Wednesday February 4th, 2015

Off The Draw

The angle coming out of the Jets’ 3–2 OT loss to the Canucks should have been about a Winnipeg team that found a way to earn a much-needed point after having lost four consecutive games.

Instead, the story was about Evander Kane. Again.

The veteran winger was made a healthy scratch just before game time by coach Paul Maurice. With no apparent injury and no pressing concerns about Kane’s play, the assumption is that the benching was for disciplinary reasons.

Without knowing all the details, we’re left to speculate. But taken at face value, the decision to bench Kane seems to put his future with the Jets in jeopardy.

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This, after all, wasn’t just any old scratch—given Kane’s checkered past, though, it would have been news even if it was. It happened in Vancouver, his hometown, where he played junior hockey. It can be assumed that friends and family were in the building. A coach doesn’t embarrass a player by making him a healthy scratch without an excellent reason.

And Maurice made the call knowing that it could also hurt his team. It was a critical game for the Jets against a team that’s chasing them in the standings. And since they were carrying just 12 forwards, the decision required blueliner Dustin Byfuglien to move up front—where he’s said he doesn’t want to play—and the insertion of Adam Pardy into the lineup for the first time in nearly a month. All of that, in the view of Maurice, was preferable to letting Kane play.

So this was more than just a coach trying to send a message. This feels like a “Come to Jesus” moment for Kane, and maybe a pivotal point in his tenure with the organization.

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The relationship between player and team hasn’t always gone smoothly in the past. Kane’s time in Winnipeg has been marked by trade rumors and controversies, but the team has shown great patience while waiting for his maturity to catch up to his talent.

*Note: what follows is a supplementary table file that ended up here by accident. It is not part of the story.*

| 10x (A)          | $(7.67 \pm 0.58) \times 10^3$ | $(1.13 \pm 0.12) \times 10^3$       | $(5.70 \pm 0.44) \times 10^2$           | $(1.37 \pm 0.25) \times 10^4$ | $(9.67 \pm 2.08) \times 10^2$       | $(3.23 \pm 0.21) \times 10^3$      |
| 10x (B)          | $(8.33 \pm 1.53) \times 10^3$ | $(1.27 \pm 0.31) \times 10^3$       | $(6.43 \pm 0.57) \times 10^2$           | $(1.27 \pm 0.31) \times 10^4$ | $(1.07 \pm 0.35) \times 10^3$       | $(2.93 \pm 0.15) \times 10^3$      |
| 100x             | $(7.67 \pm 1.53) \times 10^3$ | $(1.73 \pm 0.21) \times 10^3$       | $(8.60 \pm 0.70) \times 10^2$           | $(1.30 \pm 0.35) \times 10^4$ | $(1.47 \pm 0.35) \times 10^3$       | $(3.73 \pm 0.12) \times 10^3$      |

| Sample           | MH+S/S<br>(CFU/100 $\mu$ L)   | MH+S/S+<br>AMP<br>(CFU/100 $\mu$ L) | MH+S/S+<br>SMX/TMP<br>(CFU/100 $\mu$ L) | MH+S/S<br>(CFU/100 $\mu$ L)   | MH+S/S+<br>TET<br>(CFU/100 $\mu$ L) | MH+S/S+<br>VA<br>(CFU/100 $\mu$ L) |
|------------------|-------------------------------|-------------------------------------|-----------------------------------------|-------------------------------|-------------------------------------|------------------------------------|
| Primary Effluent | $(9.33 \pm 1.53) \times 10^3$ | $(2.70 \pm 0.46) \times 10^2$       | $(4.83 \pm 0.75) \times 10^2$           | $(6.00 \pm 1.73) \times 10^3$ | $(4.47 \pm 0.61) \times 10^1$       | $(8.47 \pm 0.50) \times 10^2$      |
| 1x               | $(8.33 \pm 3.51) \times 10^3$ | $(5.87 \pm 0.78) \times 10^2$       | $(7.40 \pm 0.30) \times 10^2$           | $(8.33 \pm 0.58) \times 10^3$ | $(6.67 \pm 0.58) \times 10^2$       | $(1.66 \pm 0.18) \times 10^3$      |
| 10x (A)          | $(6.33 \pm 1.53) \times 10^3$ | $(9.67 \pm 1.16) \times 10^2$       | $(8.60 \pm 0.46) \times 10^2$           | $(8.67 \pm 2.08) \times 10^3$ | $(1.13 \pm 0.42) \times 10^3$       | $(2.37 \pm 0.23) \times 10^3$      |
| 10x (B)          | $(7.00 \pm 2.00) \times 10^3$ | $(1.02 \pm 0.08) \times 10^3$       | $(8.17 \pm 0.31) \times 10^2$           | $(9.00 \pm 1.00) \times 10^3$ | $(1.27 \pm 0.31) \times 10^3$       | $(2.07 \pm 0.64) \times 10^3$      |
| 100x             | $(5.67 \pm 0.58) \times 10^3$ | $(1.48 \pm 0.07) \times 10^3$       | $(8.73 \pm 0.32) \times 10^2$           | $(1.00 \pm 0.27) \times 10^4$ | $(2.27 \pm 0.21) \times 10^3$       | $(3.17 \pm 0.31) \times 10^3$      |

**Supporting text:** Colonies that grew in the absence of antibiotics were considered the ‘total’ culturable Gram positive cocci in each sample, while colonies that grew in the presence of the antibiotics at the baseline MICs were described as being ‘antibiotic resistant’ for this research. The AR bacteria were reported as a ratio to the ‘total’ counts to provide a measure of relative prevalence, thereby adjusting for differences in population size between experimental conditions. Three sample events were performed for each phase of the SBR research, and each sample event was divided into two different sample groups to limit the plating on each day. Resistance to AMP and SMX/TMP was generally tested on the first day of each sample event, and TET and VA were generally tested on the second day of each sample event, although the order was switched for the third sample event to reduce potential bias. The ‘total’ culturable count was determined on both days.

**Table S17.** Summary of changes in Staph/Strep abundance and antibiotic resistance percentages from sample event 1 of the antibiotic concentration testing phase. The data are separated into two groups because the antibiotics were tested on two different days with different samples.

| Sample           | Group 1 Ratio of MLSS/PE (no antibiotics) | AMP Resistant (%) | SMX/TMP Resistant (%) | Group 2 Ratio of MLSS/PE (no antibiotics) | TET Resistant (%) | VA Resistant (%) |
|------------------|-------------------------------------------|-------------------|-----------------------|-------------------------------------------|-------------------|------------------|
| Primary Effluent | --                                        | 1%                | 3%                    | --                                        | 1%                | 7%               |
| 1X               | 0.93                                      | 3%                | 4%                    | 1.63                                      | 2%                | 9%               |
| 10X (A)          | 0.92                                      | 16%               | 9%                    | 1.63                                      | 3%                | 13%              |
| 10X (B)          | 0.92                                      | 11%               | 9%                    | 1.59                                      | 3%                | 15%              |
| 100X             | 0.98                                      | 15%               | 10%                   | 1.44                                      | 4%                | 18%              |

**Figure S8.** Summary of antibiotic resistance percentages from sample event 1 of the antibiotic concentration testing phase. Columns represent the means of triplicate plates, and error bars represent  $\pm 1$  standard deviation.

Will this be just another bump in the road? Possibly. Despite his troubled history, Kane has been a model citizen this season, a valuable asset at even strength and on the penalty kill. On a team that’s still a bit shy of talent, he’s one of the few Jets that other teams have to fear.

Maybe Kane, duly chastised, will be back in the lineup on Friday with all forgiven. Or maybe Maurice has had enough and the team has decided that it’s time to cash in a depreciating asset. If Winnipeg decides to put Kane on the trading block, he’d become the top player available ahead of the March 2 deadline. The return for the Jets would be significant.

Dealing Kane would also send a message to the rest of the players. This is Maurice’s team. Buy in or pack your bags.

With Winnipeg traveling today we’re not expecting to get any updates from the team until Thursday. Should be an interesting 24 hours.

What to watch tonight

Penguins at Oilers (8 p.m. EST; SN, ROOT)